CCDC88A mutations cause PEHO-like syndrome in humans and mouse

Michael S. Nahorski, Masato Asai, Emma Wakeling, Alasdair Parker, Naoya Asai, Natalie Canham, Susan E. Holder, Ya Chun Chen, Joshua Dyer, Angela F. Brady, Masahide Takahashi, C. Geoffrey Woods

Research output: Contribution to journalArticlepeer-review

15 Citations (Scopus)

Abstract

Progressive encephalopathy with oedema, hypsarrhythmia and optic atrophy (PEHO) syndrome is a rare Mendelian phenotype comprising severe retardation, early onset epileptic seizures, optic nerve/cerebellar atrophy, pedal oedema, and early death. Atypical cases are often known as PEHO-like, and there is an overlap with 'early infantile epileptic encephalopathy'. PEHO is considered to be recessive, but surprisingly since initial description in 1991, no causative recessive gene(s) have been described. Hence, we report a multiplex consanguineous family with the PEHO phenotype where affected individuals had a homozygous frame-shift deletion in CCDC88A (c.2313delT, p.Leu772∗ter). Analysis of cDNA extracted from patient lymphocytes unexpectedly failed to show non-sense mediated decay, and we demonstrate that the mutation produces a truncated protein lacking the crucial C-terminal half of CCDC88A (girdin). To further investigate the possible role of CCDC88A in human neurodevelopment we re-examined the behaviour and neuroanatomy of Ccdc88a knockout pups. These mice had mesial-temporal lobe epilepsy, microcephaly and corpus callosum deficiency, and by postnatal Day 21, microcephaly; the mice died at an early age. As the mouse knockout phenotype mimics the human PEHO phenotype this suggests that loss of CCDC88A is a cause of the PEHO phenotype, and that CCDC88A is essential for multiple aspects of normal human neurodevelopment.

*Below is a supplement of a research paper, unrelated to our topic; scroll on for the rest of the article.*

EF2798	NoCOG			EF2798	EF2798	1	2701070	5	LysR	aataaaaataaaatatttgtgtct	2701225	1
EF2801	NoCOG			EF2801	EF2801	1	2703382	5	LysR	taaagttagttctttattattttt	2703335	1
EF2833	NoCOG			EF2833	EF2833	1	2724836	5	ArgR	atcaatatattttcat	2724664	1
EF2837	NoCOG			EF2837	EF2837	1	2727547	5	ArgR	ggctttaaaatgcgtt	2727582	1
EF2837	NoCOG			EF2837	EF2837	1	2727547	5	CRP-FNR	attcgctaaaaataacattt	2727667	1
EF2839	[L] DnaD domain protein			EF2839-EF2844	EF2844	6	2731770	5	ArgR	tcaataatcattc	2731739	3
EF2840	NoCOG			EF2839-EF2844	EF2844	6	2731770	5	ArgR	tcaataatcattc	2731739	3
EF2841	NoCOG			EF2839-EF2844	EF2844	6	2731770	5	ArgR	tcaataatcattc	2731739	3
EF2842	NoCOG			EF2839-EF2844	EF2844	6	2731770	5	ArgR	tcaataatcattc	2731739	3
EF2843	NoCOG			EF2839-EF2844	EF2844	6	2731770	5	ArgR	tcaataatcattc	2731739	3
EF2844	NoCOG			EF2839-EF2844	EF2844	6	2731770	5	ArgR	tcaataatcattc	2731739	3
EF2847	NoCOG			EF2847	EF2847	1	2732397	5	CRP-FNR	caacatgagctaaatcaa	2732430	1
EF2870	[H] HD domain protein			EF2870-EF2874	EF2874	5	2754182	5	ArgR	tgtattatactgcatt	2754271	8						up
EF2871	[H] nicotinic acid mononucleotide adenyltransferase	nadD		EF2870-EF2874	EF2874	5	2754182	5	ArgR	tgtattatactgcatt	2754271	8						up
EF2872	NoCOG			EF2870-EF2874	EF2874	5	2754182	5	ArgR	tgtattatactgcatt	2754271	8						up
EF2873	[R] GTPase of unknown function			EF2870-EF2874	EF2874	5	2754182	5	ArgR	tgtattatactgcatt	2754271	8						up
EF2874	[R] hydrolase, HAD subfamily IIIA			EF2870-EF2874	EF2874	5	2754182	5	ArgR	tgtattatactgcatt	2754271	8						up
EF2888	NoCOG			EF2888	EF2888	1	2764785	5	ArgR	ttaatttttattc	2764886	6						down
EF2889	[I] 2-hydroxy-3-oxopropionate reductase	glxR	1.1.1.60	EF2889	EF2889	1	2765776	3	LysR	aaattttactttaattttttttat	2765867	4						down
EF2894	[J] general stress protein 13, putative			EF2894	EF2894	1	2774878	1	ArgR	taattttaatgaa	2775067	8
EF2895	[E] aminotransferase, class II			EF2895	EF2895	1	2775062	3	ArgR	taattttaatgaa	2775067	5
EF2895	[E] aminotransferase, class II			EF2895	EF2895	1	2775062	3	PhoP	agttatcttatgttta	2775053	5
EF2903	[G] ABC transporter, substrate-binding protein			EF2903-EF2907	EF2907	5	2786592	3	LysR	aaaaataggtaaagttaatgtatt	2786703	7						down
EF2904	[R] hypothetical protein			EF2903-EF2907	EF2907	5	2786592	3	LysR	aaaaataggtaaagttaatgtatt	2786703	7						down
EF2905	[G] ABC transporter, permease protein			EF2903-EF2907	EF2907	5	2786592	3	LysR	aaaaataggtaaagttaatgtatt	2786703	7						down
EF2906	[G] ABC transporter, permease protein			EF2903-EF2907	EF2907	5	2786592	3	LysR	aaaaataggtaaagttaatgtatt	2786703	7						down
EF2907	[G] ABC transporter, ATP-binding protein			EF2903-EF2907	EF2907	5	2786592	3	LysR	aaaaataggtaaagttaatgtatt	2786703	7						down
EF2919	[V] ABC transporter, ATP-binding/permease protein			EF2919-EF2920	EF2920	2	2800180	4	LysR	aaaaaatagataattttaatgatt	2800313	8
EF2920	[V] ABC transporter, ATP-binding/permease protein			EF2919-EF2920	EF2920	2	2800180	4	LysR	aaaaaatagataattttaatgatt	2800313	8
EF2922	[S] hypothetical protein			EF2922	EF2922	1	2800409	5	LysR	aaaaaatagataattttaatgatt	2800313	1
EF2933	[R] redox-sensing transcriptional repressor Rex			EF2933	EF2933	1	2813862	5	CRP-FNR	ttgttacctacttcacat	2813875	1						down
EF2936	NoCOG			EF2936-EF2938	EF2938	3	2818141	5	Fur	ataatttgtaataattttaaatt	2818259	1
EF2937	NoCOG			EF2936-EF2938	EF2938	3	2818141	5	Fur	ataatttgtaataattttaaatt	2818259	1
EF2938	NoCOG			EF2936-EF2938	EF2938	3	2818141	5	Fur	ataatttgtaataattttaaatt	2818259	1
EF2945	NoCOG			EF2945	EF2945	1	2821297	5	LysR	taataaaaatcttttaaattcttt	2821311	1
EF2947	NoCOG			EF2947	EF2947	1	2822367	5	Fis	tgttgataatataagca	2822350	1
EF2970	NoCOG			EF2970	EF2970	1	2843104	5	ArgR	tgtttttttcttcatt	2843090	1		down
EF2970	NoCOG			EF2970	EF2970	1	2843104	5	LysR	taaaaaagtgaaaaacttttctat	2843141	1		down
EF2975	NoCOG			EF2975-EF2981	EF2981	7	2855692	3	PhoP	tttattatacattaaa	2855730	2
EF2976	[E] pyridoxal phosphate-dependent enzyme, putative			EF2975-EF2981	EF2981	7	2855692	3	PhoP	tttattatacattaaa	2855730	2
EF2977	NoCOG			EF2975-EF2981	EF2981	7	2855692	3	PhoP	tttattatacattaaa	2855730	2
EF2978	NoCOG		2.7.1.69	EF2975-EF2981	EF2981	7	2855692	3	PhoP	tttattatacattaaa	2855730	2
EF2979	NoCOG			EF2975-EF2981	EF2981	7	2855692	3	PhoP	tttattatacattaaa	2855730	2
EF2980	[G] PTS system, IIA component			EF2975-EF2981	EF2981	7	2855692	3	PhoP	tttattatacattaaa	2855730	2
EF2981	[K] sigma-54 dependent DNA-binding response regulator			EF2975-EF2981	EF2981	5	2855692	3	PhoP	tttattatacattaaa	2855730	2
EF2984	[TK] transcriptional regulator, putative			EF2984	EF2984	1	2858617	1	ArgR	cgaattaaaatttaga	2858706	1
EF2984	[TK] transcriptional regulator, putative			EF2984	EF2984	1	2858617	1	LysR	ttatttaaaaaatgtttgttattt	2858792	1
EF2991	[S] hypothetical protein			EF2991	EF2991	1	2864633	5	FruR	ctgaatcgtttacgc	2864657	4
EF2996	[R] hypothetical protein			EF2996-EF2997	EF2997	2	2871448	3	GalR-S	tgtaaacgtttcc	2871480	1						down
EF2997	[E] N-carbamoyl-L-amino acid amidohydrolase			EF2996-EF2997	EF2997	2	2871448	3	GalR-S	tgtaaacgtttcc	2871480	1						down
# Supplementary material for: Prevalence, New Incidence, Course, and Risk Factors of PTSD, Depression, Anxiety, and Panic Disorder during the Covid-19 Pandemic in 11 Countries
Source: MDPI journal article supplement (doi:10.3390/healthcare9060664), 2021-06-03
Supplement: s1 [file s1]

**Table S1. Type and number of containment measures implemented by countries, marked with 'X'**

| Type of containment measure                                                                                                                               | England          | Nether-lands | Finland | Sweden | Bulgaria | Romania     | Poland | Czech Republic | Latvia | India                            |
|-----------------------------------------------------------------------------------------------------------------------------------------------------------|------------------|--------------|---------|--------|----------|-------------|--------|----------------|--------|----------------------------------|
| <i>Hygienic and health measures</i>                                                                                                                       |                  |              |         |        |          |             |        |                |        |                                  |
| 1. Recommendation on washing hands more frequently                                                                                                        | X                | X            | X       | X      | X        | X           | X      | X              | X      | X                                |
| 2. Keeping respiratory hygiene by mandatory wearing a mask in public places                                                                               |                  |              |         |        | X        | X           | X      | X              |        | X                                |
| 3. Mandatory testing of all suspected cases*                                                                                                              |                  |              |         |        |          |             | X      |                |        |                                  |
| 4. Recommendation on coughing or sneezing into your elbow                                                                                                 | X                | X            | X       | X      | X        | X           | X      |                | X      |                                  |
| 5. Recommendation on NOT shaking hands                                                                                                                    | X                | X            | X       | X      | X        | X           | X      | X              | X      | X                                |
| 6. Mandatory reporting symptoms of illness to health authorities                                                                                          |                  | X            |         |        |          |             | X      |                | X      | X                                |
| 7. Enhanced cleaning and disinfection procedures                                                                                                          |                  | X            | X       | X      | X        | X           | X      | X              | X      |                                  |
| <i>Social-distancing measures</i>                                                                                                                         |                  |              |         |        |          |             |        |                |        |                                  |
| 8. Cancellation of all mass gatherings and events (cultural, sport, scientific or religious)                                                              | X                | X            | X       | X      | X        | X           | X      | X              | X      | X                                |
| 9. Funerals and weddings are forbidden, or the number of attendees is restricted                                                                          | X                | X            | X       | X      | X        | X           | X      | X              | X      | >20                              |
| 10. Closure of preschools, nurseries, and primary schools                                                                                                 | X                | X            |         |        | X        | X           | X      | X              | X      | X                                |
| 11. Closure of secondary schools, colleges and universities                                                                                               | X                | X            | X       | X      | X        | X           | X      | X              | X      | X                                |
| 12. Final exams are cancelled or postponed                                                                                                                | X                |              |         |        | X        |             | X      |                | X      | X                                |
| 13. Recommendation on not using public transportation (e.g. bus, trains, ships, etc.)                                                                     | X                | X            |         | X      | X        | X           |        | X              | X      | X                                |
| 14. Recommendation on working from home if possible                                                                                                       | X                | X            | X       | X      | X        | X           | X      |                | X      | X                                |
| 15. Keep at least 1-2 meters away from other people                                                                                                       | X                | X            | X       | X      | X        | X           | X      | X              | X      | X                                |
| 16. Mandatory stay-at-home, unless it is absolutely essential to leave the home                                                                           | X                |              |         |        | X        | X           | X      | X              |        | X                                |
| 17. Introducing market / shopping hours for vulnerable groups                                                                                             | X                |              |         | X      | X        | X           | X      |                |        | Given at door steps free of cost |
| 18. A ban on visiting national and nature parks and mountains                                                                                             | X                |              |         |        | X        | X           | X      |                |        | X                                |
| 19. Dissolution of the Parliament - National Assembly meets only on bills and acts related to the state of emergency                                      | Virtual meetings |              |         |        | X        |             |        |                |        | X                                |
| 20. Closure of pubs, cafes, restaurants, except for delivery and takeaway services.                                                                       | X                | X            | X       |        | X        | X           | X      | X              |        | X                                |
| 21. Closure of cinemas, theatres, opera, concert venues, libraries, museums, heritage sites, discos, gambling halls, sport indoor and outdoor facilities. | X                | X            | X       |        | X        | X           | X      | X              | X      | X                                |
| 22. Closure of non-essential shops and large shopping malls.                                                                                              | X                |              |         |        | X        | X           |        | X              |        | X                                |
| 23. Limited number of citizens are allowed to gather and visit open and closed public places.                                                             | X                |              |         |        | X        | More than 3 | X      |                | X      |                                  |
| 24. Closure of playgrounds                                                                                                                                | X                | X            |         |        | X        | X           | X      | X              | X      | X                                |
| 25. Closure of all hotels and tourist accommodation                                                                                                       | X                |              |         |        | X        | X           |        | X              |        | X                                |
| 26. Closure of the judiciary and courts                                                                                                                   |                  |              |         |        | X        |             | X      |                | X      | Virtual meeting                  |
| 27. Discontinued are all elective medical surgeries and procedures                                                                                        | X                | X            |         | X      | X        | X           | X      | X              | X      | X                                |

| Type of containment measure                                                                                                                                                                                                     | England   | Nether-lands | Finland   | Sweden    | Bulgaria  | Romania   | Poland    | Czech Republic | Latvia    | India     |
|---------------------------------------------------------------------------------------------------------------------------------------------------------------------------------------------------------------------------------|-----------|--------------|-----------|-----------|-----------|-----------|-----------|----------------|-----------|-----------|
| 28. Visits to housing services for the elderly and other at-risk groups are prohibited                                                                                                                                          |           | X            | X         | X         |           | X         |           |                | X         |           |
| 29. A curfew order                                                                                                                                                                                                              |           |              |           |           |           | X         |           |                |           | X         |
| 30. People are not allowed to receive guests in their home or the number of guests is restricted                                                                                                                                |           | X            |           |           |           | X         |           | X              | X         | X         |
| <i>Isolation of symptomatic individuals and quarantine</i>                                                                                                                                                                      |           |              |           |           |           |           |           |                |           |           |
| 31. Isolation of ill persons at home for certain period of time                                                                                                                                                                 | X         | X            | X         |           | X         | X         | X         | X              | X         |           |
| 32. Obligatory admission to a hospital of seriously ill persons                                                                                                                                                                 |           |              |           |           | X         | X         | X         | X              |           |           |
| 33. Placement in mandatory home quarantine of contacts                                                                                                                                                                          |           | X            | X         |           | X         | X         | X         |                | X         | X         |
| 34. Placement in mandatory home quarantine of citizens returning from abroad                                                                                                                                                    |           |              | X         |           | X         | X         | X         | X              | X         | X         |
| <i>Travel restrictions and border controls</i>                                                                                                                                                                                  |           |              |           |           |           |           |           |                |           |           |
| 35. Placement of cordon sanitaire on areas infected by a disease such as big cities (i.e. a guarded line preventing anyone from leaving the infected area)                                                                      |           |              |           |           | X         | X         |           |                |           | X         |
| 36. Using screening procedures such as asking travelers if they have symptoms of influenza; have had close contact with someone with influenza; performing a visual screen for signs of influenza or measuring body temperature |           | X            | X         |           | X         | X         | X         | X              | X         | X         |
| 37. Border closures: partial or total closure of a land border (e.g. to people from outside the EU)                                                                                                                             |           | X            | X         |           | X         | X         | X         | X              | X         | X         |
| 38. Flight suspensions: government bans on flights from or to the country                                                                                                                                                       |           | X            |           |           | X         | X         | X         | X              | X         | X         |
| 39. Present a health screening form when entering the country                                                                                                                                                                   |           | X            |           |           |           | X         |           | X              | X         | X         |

Original languageEnglish
Pages (from-to)1036-1044
Number of pages9
JournalBrain
Volume139
Issue number4
DOIs
Publication statusPublished - 01-04-2016
Externally publishedYes

All Science Journal Classification (ASJC) codes

  • Clinical Neurology

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